Recommended by: an adventure in reading
When I say that this book reminded me of how much I love to read, I don’t want you to take that as too much of a compliment to the book. With that caveat – The Interloper really reminded me of how much I love to read. I went to the library today with a massive big list of books to get, and all the ones I wanted most, they hadn’t got (ain’t it always the way). But this was the one I was most interested to read so I sat down and read it; and when I had to get up and clean the kitchen, I did that thing where you do all the tasks you can do while reading, which takes ages because you are only using one hand and not very much of your brain, and then you have to actually put the book down so you do the other stuff lickety-split with maximum efficiency so you can quickly get back to reading your book.
I will sum up: The protagonist’s wife’s brother was murdered by this guy, Henry Joseph Raven, and the wife, Patty, has been very unhappy ever since then, and the protagonist (Owen – I hate the name Owen) decides to help his wife come to terms with it by getting a sneaky revenge on Raven. He invents this persona, Lily, and writes letters to Raven to make him fall in love with her, and the Plan is that when Raven is totally in love with Lily, Owen will crush him completely by revealing that Lily isn’t real. And instead of that he
finds out Raven’s been lying in all of his letters too and then he (Owen) gets all crazy and winds up killing Raven’s girlfriend in a fit of rage.
The Interloper is very interesting, and in a way it’s not badly done. Mr. Wilson does a good Unreliable Narrator Guy, with the dropping of the hints and the filtering stuff through crazy eyes. I wanted to know what would happen.
As I typed that just now, I realized that I didn’t read the end of this book. Dude! I didn’t skip to the end! Huh. Turns out I was reading so absorbedly that I actually forgot to read the end. I don’t think that’s ever happened before. Obviously my brain has ceased to function. This is an object lesson in never ever ever getting so attached to cross-stitching and guitar-playing that you cut back drastically on your normal reading habits.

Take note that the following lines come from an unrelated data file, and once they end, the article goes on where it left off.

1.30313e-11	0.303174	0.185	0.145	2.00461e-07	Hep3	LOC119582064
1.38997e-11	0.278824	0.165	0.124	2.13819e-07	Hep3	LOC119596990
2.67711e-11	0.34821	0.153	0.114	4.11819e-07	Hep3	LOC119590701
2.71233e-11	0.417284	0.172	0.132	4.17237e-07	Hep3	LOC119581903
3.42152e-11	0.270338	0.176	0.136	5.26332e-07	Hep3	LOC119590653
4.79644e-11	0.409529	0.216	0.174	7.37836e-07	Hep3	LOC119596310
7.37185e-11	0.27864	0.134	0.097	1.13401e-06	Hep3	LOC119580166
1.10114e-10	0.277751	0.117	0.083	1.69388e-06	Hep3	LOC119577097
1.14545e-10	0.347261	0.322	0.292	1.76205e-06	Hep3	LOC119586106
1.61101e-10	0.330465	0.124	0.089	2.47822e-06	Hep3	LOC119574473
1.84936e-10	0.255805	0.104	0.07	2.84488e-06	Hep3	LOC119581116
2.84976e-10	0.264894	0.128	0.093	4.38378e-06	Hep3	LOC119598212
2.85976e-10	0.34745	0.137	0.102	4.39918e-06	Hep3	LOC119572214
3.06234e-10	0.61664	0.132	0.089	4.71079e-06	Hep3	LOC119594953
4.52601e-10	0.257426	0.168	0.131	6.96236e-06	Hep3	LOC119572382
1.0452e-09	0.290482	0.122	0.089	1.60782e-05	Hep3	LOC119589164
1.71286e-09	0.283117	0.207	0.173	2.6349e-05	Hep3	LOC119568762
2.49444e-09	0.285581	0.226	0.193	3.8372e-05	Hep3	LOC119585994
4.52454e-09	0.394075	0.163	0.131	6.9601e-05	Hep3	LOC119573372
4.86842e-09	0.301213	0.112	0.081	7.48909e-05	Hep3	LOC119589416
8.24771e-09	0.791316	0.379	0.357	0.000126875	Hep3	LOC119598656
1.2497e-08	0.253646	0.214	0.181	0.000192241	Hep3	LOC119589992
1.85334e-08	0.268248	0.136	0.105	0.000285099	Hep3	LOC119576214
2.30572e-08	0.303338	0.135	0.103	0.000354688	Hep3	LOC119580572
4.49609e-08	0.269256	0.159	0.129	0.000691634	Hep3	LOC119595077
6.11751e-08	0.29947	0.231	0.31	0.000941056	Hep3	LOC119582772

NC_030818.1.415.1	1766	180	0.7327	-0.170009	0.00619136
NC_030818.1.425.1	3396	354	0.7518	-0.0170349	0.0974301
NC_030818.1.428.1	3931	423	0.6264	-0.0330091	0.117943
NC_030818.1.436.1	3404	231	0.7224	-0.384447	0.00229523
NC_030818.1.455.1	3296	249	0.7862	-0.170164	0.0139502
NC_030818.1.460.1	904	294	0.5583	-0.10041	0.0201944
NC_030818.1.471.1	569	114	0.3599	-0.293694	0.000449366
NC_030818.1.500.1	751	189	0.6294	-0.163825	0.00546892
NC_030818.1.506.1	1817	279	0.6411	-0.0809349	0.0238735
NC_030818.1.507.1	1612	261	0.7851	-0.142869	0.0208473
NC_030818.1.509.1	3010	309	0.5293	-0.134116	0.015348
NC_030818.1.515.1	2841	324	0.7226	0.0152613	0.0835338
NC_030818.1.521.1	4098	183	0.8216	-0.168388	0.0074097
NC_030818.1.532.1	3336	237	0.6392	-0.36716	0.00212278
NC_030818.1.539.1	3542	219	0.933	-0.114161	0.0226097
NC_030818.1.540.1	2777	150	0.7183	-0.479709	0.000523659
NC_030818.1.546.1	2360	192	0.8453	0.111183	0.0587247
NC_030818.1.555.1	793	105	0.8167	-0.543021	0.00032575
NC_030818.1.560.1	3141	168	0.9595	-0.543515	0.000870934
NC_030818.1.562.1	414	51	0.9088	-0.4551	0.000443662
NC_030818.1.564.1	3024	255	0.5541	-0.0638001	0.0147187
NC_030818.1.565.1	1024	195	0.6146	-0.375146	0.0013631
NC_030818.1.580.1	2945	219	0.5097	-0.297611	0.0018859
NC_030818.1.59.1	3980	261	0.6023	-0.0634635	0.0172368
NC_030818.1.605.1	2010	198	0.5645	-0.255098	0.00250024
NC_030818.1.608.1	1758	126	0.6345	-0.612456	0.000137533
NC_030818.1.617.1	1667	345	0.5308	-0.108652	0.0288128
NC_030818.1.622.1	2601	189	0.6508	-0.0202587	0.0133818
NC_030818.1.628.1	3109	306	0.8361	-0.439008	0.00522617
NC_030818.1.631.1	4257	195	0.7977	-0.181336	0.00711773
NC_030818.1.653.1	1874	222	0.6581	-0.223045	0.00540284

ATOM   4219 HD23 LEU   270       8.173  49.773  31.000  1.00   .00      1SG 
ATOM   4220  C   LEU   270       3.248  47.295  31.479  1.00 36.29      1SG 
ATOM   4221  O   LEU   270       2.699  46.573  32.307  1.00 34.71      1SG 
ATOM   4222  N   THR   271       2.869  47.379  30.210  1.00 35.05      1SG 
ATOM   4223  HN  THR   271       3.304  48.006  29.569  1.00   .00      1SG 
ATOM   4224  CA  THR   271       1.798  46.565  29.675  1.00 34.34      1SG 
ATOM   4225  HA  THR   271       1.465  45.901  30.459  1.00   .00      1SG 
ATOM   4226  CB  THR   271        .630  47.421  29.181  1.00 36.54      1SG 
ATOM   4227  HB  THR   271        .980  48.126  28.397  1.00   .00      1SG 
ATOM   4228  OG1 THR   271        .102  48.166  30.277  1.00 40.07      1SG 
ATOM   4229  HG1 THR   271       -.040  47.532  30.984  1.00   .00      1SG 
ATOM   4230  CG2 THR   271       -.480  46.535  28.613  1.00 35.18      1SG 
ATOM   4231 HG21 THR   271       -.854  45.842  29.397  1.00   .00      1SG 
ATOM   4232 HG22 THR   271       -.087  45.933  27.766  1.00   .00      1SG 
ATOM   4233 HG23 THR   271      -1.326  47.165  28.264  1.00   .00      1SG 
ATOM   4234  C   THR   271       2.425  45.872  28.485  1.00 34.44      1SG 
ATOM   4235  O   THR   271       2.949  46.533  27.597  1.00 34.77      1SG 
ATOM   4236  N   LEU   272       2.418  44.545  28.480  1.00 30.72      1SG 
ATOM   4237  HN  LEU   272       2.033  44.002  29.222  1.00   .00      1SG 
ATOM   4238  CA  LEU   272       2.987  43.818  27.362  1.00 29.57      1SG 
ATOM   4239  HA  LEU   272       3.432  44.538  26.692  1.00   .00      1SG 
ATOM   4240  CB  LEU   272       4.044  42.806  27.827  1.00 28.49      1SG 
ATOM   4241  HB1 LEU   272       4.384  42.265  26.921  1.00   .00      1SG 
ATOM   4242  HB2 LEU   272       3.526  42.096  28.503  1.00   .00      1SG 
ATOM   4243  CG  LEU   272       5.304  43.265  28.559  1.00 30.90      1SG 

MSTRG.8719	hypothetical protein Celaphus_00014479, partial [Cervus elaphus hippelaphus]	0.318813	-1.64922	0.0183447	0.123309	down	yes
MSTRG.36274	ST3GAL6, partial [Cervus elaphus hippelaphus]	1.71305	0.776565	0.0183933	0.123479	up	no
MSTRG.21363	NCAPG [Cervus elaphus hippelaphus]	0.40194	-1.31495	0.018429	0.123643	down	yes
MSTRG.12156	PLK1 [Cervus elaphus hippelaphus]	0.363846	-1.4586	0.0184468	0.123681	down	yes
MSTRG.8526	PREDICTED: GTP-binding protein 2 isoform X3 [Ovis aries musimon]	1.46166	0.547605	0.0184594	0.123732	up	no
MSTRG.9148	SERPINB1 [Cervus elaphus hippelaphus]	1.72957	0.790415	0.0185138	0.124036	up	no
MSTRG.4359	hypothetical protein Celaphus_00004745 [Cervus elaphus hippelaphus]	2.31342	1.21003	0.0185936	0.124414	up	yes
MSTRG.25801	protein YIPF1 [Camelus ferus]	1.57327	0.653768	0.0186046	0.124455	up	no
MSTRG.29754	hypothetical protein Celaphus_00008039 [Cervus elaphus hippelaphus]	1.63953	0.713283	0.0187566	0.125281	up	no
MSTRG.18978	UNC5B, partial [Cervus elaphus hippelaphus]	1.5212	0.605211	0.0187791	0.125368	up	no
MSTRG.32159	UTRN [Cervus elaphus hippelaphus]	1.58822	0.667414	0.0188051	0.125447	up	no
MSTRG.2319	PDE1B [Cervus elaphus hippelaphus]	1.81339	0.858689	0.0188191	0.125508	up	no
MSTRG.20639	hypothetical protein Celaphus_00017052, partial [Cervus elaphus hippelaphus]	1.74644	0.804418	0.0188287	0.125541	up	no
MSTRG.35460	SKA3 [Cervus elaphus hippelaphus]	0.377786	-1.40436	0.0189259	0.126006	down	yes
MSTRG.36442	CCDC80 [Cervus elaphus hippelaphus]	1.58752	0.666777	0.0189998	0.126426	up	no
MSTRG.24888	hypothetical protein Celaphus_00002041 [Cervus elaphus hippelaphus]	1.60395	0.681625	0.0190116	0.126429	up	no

I know! I’m making it sound so good! But here’s the thing (the two things): This book, it was totally creepy. The blog where I read about this book compares it to Lolita, by comparison with which any book would suffer, but Lolita does creepy in way that doesn’t make my flesh crawl – which you’d think pedophilia would, if anything was going to – whereas The Interloper was kinda icky and unpleasant to read.
Plus, there’s this also, if you are not a person who is phased by creepy: The whole plot was just entirely unbelievable. Really. And you are getting this verdict from a girl who 1) is entirely conversant with Crazy as she has two therapist parents; and 2) has a deep knowledge of the power of talking the talk until you are walking the walk. One time, my driver’s ed teacher was awful and made me cry and I feared and hated driving and then I started saying “I love driving! Driving is my favorite thing in the world! Driving is amazing and wonderful!” until I really felt that way and now I love driving so, so, so much. (This is a victory story as far as I’m concerned, but I told it to my ex one time and he seemed very perturbed by it.) But in spite of my experiences with crazy and brainwashing, I still found this completely silly.
I don’t even know what categories to file this under. Hmph.